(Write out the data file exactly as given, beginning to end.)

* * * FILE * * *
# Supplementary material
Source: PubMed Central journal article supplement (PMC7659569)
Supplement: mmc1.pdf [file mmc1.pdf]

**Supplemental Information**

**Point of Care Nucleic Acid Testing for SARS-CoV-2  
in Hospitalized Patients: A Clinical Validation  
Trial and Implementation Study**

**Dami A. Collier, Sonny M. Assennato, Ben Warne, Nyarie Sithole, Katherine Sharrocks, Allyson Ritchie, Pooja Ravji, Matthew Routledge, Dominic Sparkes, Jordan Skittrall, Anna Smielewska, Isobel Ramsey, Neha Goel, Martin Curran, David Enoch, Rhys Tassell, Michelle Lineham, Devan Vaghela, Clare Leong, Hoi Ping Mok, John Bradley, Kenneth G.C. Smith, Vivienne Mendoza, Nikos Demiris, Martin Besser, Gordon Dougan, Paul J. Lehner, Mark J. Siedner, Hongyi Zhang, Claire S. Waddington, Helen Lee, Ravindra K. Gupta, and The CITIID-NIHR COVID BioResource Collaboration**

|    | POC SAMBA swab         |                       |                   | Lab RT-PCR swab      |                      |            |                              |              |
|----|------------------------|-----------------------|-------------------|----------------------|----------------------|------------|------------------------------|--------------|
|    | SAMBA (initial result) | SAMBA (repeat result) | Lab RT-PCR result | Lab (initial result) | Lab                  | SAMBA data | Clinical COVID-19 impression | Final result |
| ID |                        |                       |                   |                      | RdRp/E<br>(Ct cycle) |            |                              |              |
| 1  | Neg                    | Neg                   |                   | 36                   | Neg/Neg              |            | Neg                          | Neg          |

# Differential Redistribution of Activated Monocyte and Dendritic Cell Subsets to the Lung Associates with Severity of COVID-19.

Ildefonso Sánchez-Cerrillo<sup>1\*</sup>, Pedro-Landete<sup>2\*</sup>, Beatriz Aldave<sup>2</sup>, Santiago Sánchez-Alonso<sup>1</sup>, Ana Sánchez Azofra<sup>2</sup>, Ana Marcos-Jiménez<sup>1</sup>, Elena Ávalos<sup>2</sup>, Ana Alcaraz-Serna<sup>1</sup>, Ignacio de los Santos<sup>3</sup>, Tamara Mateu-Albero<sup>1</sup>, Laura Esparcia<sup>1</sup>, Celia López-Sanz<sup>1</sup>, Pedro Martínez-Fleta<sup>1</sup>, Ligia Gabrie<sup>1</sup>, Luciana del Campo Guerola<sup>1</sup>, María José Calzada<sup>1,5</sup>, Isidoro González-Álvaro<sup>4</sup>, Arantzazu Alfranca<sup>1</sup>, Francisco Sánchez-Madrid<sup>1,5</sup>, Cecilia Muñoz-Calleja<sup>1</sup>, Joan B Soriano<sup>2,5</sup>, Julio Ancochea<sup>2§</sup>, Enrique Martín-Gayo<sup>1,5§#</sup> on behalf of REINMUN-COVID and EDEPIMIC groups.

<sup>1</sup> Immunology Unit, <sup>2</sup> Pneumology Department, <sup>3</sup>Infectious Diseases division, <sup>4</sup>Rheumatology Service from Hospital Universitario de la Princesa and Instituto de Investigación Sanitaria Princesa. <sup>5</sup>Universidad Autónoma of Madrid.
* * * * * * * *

# Supplementary material
Source: PubMed Central journal article supplement (PMC7659569)
Supplement: mmc1.pdf [file mmc1.pdf]

**Supplemental Information**

**Point of Care Nucleic Acid Testing for SARS-CoV-2  
in Hospitalized Patients: A Clinical Validation  
Trial and Implementation Study**

**Dami A. Collier, Sonny M. Assennato, Ben Warne, Nyarie Sithole, Katherine Sharrocks, Allyson Ritchie, Pooja Ravji, Matthew Routledge, Dominic Sparkes, Jordan Skittrall, Anna Smielewska, Isobel Ramsey, Neha Goel, Martin Curran, David Enoch, Rhys Tassell, Michelle Lineham, Devan Vaghela, Clare Leong, Hoi Ping Mok, John Bradley, Kenneth G.C. Smith, Vivienne Mendoza, Nikos Demiris, Martin Besser, Gordon Dougan, Paul J. Lehner, Mark J. Siedner, Hongyi Zhang, Claire S. Waddington, Helen Lee, Ravindra K. Gupta, and The CITIID-NIHR COVID BioResource Collaboration**

|    | POC SAMBA swab         |                       |                   | Lab RT-PCR swab      |                      |            |                              |              |
|----|------------------------|-----------------------|-------------------|----------------------|----------------------|------------|------------------------------|--------------|
|    | SAMBA (initial result) | SAMBA (repeat result) | Lab RT-PCR result | Lab (initial result) | Lab                  | SAMBA data | Clinical COVID-19 impression | Final result |
| ID |                        |                       |                   |                      | RdRp/E<br>(Ct cycle) |            |                              |              |
| 1  | Neg                    | Neg                   |                   | 36                   | Neg/Neg              |            | Neg                          | Neg          |

# Differential Redistribution of Activated Monocyte and Dendritic Cell Subsets to the Lung Associates with Severity of COVID-19.

Ildefonso Sánchez-Cerrillo<sup>1\*</sup>, Pedro-Landete<sup>2\*</sup>, Beatriz Aldave<sup>2</sup>, Santiago Sánchez-Alonso<sup>1</sup>, Ana Sánchez Azofra<sup>2</sup>, Ana Marcos-Jiménez<sup>1</sup>, Elena Ávalos<sup>2</sup>, Ana Alcaraz-Serna<sup>1</sup>, Ignacio de los Santos<sup>3</sup>, Tamara Mateu-Albero<sup>1</sup>, Laura Esparcia<sup>1</sup>, Celia López-Sanz<sup>1</sup>, Pedro Martínez-Fleta<sup>1</sup>, Ligia Gabrie<sup>1</sup>, Luciana del Campo Guerola<sup>1</sup>, María José Calzada<sup>1,5</sup>, Isidoro González-Álvaro<sup>4</sup>, Arantzazu Alfranca<sup>1</sup>, Francisco Sánchez-Madrid<sup>1,5</sup>, Cecilia Muñoz-Calleja<sup>1</sup>, Joan B Soriano<sup>2,5</sup>, Julio Ancochea<sup>2§</sup>, Enrique Martín-Gayo<sup>1,5§#</sup> on behalf of REINMUN-COVID and EDEPIMIC groups.

<sup>1</sup> Immunology Unit, <sup>2</sup> Pneumology Department, <sup>3</sup>Infectious Diseases division, <sup>4</sup>Rheumatology Service from Hospital Universitario de la Princesa and Instituto de Investigación Sanitaria Princesa. <sup>5</sup>Universidad Autónoma of Madrid.